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PostPosted: Wed Jun 19, 2013 9:42 am 
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jever98 wrote:
@airwise: a good way to see what's going on is to use a steep long climb without wind to verify the power output. It is very important to know the exact system weight at the time,


Check

Quote:
to have no wind


Check - as much as possible. Slow speed. No headwind to speak of.

Quote:
, and to use a barometric altimeter


Check

Quote:
or precisely measured course. I say steep and long because if you use a short climb (say 1km) any small errors in altitude data weigh heavily. Similarly on climbs that aren't very steep (say less than 7%) wind resistance takes a bigger role.


4km at over 9%. I'd say steep and long so check.

Quote:
If your unit is drifting heavily then I would expect that the predicted and actual power start differing heavily. If this is not an issue they should be close. A word of caution, though: it is difficult to get valid data because of the limitations I mentioned above.

Best
Nicolas


So we are simply supposed to "trust" our power meters are we? I ask because there is a lot of evidence to suggest that many drift enough to make the measurements fairly meaningless - certainly for the purpose of pacing a climb.

maquisard wrote:
The climb gradient also needs to be very consistent in order to use VAM as a means of inferring power output.


Within reason - if averaged over a long enough period these things even out.


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PostPosted: Wed Jun 19, 2013 9:49 am 
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@airwise: I don't mean to criticize your approach to check for drift, I just wanted to give you a pointer how you can quantify the drift beyond looking at the graphs, and a word of caution when you run this kind of approach. The calculation of predicted power using a formula gives you a reference to check your power meter against. I'm very much for verifying the accuracy of power meters (we do it many many times in different ways in our R&D and when checking units) and I agree that drift is not a nice thing, because it undermines trust in your data and hence throws up questions like "did I really perform well that day or was it a data glitch".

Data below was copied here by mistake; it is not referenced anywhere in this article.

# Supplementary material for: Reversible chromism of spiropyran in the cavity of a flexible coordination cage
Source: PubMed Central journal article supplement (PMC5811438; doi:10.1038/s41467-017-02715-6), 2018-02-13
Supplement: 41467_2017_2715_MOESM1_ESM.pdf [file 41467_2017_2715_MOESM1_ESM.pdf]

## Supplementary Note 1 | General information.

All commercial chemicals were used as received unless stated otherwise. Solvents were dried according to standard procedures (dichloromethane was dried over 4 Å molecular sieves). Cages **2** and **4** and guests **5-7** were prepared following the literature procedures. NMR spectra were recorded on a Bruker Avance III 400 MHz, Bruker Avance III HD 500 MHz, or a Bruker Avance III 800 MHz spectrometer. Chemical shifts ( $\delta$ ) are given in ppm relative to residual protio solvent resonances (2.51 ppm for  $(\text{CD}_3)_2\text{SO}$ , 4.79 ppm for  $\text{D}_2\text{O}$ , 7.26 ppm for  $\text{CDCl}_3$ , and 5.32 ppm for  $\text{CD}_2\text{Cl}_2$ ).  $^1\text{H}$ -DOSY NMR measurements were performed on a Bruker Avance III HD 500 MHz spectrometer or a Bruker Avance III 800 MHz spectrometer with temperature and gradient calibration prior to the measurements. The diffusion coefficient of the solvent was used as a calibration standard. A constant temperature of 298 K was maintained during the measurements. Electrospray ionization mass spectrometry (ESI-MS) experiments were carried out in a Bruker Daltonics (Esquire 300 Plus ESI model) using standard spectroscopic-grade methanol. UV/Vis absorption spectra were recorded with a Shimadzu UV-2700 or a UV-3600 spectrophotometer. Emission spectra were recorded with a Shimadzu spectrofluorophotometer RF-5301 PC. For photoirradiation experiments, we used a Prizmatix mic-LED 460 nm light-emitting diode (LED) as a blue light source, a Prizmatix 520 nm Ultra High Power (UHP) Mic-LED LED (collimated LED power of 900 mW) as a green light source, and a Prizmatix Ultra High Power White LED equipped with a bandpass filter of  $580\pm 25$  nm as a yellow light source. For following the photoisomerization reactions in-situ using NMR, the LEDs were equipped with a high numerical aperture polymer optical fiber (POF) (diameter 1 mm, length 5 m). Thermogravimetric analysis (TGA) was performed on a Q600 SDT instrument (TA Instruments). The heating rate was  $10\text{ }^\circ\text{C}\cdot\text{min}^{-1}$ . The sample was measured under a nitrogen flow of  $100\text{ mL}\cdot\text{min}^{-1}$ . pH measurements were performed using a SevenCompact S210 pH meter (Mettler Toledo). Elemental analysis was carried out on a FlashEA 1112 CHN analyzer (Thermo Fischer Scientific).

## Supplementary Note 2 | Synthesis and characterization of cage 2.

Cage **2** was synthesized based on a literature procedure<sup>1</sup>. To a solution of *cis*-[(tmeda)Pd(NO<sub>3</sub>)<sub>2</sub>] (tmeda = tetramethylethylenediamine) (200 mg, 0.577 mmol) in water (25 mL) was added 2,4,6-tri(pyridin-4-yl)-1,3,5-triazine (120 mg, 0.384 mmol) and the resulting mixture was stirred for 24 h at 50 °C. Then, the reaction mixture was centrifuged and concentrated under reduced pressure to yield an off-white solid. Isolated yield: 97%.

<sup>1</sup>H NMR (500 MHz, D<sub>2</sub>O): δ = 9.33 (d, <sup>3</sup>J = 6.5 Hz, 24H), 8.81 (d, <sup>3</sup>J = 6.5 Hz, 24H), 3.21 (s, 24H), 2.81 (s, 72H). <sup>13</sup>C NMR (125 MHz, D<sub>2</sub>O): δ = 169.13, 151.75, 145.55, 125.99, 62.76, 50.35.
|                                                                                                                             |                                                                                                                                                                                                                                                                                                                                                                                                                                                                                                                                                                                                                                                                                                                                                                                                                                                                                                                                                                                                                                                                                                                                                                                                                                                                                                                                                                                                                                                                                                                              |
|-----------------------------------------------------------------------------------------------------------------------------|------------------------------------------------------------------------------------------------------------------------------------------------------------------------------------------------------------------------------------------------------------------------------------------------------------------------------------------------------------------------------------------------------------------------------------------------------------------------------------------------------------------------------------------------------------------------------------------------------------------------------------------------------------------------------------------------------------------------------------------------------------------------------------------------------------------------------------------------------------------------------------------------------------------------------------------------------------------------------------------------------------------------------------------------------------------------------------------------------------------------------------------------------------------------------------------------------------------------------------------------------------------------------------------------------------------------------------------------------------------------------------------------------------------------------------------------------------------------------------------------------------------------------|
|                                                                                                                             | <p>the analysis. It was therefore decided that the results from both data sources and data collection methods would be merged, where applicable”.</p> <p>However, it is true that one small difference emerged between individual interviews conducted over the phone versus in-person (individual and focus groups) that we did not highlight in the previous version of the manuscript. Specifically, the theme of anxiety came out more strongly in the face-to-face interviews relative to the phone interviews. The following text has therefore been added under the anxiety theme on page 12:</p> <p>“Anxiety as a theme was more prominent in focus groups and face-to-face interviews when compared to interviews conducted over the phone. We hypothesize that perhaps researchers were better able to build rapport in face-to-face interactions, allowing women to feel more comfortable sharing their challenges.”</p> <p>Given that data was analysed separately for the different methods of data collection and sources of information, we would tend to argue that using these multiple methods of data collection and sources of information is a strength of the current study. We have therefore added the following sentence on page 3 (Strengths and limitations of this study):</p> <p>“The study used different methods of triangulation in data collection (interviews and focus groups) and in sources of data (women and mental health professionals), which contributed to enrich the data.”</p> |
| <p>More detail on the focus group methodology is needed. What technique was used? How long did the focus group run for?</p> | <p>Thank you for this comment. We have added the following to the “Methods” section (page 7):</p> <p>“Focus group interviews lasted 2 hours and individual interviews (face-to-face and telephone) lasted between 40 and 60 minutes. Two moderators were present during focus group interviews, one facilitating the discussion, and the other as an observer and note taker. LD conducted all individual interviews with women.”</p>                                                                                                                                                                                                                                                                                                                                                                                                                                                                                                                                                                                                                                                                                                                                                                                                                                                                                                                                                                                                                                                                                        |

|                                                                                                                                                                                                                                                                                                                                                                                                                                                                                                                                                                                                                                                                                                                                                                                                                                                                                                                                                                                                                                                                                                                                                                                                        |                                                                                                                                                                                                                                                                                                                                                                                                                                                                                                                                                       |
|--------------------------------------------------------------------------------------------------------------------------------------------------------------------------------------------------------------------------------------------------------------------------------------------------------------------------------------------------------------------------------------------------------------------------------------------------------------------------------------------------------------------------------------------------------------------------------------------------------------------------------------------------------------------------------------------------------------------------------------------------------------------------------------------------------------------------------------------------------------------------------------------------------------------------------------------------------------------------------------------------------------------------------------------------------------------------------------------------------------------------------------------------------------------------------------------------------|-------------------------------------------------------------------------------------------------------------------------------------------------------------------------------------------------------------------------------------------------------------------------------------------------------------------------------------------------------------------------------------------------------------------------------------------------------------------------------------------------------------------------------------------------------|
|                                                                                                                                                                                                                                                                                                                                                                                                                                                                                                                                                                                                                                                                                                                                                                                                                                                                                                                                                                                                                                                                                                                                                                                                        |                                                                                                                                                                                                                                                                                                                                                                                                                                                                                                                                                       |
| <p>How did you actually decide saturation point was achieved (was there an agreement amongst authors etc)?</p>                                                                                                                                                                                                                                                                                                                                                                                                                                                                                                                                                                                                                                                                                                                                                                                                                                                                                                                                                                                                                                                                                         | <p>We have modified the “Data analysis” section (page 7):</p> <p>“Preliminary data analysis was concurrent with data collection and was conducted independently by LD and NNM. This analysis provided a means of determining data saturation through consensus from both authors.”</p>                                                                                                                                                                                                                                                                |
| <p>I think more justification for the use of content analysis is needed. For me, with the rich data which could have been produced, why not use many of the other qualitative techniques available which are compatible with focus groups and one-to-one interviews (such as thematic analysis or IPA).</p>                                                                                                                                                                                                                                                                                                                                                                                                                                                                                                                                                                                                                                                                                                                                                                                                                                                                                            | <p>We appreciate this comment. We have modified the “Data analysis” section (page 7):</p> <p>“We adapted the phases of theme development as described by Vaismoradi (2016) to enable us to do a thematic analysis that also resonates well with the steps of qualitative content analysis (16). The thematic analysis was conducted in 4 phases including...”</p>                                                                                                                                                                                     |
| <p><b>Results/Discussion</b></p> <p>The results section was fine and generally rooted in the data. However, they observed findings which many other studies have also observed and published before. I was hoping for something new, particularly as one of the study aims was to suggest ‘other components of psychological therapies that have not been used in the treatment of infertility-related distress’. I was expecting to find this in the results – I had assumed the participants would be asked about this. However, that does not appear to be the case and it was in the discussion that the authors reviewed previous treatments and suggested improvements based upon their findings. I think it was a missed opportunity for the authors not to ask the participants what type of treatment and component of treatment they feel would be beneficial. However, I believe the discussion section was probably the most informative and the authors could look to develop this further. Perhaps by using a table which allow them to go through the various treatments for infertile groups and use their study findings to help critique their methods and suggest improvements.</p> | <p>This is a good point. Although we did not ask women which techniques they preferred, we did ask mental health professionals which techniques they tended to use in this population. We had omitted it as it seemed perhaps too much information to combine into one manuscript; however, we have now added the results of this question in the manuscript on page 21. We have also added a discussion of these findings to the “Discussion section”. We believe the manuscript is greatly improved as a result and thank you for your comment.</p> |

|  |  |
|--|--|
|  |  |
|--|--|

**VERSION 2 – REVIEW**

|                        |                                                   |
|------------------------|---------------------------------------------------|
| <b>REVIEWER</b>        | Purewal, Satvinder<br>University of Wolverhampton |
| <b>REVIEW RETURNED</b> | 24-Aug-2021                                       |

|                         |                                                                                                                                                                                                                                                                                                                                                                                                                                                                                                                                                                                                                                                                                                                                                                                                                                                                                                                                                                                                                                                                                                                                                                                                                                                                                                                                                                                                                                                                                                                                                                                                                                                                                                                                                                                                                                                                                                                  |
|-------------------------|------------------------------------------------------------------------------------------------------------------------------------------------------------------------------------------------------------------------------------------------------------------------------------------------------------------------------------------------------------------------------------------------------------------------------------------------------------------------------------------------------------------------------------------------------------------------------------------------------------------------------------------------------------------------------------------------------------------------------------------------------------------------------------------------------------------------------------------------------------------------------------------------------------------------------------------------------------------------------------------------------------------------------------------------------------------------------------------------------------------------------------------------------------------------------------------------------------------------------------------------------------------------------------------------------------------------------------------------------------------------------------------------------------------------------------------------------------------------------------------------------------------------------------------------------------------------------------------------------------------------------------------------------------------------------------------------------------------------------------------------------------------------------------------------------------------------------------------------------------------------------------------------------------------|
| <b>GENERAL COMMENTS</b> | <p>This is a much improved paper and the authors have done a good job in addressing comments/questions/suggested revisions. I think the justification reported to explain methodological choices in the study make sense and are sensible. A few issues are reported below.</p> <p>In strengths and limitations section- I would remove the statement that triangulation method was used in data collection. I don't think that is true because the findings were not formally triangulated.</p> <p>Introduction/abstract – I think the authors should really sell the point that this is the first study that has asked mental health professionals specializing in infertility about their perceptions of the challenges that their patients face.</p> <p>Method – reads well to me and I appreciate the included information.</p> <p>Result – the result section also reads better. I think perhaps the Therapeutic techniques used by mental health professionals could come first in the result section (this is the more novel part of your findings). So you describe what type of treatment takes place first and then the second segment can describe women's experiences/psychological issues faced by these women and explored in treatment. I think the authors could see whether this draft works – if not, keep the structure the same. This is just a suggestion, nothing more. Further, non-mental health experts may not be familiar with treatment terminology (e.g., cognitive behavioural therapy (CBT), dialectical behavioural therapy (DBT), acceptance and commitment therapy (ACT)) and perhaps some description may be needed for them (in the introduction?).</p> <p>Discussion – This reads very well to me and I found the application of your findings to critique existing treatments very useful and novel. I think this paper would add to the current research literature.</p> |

This is, incidentally, why our PMs are temperature compensated. I won't elaborate because I don't want to be thrown off the forum for illegal advertising :).

Cheers
nicolas

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PostPosted: Wed Jun 19, 2013 9:54 am 
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@airwise: what sort of variance do you see in your manual zero-offset numbers from day to day?


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PostPosted: Wed Jun 19, 2013 10:06 am 
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jever98 wrote:
@airwise: I don't mean to criticize your approach to check for drift, I just wanted to give you a pointer how you can quantify the drift beyond looking at the graphs,
Cheers
nicolas


No offence taken Nicolas. I posted because the results correspond surprisingly closely with those of DC Rainmaker's vis a vis the Quarq.

FWIW, I use SRM and Powertap because I get virtually no evidence of drift under similar conditions. But I'm increasingly going back to HR and VAM when in the mountains as a reliable metric for performance data.


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PostPosted: Wed Jun 19, 2013 3:39 pm 
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jever98 wrote:
@airwise: a good way to see what's going on is to use a steep long climb without wind to verify the power output. It is very important to know the exact system weight at the time, to have no wind, and to use a barometric altimeter or precisely measured course. I say steep and long because if you use a short climb (say 1km) any small errors in altitude data weigh heavily. Similarly on climbs that aren't very steep (say less than 7%) wind resistance takes a bigger role.

If your unit is drifting heavily then I would expect that the predicted and actual power start differing heavily. If this is not an issue they should be close. A word of caution, though: it is difficult to get valid data because of the limitations I mentioned above.

Best
Nicolas

It's too bad no one has come up with a better way to check power meter drift in the field.


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Posted: Wed Jun 19, 2013 3:39 pm 


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PostPosted: Wed Jun 19, 2013 11:51 pm 
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I've been on a new Sram Red Exogram Quarq for about 2 months now and have seen no evidence of drift on climbs or otherwise. I live in SLC and do many HC climbs in the area ranging from 3-15mi in length and some with ave of 7-8% over 5-7 miles.

Maybe it's because it's a newer model, or it's brand new overall. I don't know. Just reporting what I see. Also, I don't find it too much of a pain to zero the quarq by back spinning a few times in 4-5hr rides. I can spare the 12 total seconds combined. But time is money, so maybe it's draining others earning potential.